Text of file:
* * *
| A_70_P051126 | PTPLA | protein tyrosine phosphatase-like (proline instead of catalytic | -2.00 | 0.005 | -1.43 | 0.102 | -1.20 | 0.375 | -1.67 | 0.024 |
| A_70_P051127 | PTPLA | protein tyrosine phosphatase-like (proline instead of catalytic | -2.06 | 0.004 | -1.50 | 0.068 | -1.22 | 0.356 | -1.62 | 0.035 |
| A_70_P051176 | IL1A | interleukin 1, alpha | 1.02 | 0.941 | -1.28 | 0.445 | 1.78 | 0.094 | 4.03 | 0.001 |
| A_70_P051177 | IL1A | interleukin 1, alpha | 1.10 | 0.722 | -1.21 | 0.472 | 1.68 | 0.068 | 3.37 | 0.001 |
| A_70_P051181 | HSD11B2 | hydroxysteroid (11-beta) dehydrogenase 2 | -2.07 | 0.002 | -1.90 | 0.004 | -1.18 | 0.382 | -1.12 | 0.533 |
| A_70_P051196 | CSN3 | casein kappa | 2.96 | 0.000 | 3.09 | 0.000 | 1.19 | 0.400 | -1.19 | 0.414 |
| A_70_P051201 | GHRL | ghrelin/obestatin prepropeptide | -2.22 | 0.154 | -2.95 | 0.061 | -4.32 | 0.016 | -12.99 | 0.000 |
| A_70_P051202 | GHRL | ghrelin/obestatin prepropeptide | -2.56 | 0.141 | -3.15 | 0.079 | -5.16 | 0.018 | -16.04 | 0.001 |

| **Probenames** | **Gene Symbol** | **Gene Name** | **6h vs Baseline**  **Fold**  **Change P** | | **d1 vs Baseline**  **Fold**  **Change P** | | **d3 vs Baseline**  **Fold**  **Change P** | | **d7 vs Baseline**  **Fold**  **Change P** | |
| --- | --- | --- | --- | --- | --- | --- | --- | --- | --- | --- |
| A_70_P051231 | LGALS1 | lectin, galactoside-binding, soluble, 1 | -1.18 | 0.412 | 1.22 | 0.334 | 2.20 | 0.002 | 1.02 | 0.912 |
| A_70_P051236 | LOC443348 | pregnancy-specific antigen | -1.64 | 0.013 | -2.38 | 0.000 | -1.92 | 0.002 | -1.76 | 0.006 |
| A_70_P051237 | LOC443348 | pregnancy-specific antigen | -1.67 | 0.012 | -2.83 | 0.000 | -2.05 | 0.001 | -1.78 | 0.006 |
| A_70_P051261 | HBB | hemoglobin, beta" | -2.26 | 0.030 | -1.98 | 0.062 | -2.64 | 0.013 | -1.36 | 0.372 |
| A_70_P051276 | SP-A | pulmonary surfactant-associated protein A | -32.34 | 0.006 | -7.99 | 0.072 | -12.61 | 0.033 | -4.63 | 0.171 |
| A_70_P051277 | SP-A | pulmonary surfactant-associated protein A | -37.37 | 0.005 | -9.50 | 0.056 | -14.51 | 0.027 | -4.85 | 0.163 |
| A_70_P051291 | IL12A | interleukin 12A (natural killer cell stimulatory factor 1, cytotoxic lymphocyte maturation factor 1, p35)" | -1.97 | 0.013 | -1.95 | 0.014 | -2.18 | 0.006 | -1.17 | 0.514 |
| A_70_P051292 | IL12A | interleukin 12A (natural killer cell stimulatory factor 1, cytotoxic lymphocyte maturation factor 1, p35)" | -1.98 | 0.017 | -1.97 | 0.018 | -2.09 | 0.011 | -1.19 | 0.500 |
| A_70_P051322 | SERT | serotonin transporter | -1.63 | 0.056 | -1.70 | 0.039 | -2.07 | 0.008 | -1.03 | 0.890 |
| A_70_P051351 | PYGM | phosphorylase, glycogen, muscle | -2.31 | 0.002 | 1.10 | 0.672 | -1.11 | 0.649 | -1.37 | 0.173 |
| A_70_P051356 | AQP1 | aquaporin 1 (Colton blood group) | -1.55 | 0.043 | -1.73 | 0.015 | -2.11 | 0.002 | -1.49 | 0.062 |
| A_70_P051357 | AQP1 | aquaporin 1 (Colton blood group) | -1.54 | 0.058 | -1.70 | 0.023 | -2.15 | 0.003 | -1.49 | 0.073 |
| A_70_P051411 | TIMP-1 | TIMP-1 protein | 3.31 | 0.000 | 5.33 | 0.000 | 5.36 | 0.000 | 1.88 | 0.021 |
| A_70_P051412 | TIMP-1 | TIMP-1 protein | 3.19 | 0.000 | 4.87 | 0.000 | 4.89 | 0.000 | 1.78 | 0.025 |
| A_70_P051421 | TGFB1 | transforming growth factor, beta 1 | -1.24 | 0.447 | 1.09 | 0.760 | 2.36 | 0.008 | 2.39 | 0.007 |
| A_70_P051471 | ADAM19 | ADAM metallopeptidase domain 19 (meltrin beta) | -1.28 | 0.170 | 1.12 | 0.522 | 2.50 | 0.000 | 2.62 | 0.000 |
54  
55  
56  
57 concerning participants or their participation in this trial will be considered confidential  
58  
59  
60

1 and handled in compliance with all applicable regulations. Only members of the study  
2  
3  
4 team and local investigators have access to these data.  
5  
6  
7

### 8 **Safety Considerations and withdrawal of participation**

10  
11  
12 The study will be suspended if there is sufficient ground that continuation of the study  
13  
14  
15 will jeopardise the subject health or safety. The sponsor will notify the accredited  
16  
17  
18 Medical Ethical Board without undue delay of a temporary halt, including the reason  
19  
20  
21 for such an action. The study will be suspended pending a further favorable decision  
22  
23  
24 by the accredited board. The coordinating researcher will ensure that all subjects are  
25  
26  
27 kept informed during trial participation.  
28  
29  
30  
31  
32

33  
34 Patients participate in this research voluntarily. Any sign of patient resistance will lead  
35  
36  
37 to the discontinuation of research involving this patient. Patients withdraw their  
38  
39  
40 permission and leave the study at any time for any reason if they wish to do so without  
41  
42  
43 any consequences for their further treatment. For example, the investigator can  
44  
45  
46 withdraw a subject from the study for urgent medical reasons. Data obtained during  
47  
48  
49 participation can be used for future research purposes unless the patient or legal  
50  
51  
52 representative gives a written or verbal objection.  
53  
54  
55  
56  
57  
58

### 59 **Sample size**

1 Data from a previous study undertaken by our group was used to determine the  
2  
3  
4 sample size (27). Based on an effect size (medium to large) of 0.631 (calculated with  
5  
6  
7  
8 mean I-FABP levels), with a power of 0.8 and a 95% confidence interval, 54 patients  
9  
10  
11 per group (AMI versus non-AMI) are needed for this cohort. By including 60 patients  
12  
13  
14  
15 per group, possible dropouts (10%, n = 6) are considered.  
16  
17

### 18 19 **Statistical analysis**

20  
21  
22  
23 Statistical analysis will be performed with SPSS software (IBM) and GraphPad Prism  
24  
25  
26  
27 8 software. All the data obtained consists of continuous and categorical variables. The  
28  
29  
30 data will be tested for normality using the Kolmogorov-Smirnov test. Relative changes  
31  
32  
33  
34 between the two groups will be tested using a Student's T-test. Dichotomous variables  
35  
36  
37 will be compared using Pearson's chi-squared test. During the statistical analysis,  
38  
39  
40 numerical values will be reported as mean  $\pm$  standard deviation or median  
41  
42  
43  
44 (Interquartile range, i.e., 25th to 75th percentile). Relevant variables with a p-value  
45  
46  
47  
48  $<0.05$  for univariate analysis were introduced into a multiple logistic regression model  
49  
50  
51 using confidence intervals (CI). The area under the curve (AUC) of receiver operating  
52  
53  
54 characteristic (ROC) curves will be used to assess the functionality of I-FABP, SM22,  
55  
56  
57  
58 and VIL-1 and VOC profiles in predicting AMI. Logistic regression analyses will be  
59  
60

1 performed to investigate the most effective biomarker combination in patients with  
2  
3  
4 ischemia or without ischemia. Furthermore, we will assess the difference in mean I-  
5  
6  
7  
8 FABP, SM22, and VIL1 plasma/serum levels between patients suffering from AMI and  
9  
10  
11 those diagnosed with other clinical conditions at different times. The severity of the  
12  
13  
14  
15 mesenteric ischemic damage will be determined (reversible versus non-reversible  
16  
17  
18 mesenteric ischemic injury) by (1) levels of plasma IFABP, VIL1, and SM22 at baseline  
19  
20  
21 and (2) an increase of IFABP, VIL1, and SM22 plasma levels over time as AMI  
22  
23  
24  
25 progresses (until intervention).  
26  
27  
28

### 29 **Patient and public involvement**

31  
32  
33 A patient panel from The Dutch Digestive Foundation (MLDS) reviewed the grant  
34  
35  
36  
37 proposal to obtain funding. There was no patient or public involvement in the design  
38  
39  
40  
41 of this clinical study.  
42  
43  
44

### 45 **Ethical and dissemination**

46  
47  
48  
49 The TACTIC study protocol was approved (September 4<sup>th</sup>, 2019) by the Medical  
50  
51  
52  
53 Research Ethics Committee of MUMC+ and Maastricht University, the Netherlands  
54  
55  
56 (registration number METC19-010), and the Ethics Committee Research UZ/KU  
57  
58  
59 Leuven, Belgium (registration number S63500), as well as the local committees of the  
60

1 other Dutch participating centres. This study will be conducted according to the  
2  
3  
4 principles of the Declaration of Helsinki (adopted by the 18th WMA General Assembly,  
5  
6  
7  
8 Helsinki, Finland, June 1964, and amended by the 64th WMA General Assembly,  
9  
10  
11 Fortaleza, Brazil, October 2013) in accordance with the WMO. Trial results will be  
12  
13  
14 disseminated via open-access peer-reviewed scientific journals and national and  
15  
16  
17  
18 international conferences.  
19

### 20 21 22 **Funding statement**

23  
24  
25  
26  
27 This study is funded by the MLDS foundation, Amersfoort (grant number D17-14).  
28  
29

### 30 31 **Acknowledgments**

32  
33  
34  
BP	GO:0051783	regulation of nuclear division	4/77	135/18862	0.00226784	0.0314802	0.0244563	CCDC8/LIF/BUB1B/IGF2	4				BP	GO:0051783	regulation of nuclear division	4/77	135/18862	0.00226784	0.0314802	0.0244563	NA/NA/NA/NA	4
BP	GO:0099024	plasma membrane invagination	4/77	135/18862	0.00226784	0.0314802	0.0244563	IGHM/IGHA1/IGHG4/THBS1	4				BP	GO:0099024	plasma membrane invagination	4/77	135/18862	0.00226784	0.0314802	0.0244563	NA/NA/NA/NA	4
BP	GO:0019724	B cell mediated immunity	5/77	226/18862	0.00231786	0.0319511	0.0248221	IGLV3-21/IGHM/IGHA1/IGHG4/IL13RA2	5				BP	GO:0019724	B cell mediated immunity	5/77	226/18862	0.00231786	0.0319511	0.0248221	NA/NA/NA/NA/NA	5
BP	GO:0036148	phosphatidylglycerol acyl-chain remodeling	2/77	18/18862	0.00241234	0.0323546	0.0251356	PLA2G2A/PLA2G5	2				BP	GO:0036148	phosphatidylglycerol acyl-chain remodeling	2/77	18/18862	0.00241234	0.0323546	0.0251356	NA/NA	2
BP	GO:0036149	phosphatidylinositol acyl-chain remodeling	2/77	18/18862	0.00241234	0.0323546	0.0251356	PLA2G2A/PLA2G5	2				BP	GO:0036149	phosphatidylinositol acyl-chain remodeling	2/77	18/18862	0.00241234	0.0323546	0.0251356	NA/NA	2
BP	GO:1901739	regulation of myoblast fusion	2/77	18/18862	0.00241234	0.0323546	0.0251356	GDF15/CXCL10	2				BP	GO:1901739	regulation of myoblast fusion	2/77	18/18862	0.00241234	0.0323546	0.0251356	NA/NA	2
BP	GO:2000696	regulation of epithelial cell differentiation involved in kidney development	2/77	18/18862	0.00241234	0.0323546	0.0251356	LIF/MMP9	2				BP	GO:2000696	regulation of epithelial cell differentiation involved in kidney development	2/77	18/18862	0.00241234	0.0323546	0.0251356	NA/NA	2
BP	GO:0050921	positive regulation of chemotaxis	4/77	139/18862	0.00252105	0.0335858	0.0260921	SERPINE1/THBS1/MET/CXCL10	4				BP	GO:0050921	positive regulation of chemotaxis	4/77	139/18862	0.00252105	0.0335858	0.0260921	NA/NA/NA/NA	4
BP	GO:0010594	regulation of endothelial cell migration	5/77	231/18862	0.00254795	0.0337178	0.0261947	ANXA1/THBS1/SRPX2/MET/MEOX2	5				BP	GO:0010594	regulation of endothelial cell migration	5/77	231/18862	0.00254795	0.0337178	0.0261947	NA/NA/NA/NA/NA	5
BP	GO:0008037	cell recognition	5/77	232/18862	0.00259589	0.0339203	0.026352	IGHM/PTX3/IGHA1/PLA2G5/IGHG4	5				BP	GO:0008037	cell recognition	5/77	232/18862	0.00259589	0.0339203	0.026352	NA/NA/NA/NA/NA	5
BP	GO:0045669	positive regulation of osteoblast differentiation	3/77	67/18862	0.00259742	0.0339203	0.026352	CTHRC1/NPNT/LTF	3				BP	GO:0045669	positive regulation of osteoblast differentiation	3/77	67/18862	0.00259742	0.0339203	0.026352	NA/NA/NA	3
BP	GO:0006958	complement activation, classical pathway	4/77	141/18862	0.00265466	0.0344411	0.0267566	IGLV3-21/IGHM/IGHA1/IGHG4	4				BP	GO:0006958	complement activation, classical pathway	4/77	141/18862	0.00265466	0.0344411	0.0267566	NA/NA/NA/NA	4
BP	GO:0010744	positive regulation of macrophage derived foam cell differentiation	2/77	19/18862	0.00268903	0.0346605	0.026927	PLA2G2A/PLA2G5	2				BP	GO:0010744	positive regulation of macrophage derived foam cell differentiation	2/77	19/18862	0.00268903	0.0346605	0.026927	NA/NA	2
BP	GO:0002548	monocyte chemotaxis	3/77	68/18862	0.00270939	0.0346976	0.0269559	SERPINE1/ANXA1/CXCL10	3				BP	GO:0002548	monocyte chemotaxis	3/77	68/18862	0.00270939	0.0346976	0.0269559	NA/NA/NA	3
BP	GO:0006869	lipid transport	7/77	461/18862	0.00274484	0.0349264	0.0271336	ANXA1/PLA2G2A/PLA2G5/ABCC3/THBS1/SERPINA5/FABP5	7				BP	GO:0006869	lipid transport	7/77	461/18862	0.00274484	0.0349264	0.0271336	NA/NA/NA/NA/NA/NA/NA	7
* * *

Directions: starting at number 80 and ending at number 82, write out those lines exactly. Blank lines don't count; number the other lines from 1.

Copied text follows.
48  
49 participation can be used for future research purposes unless the patient or legal  
50  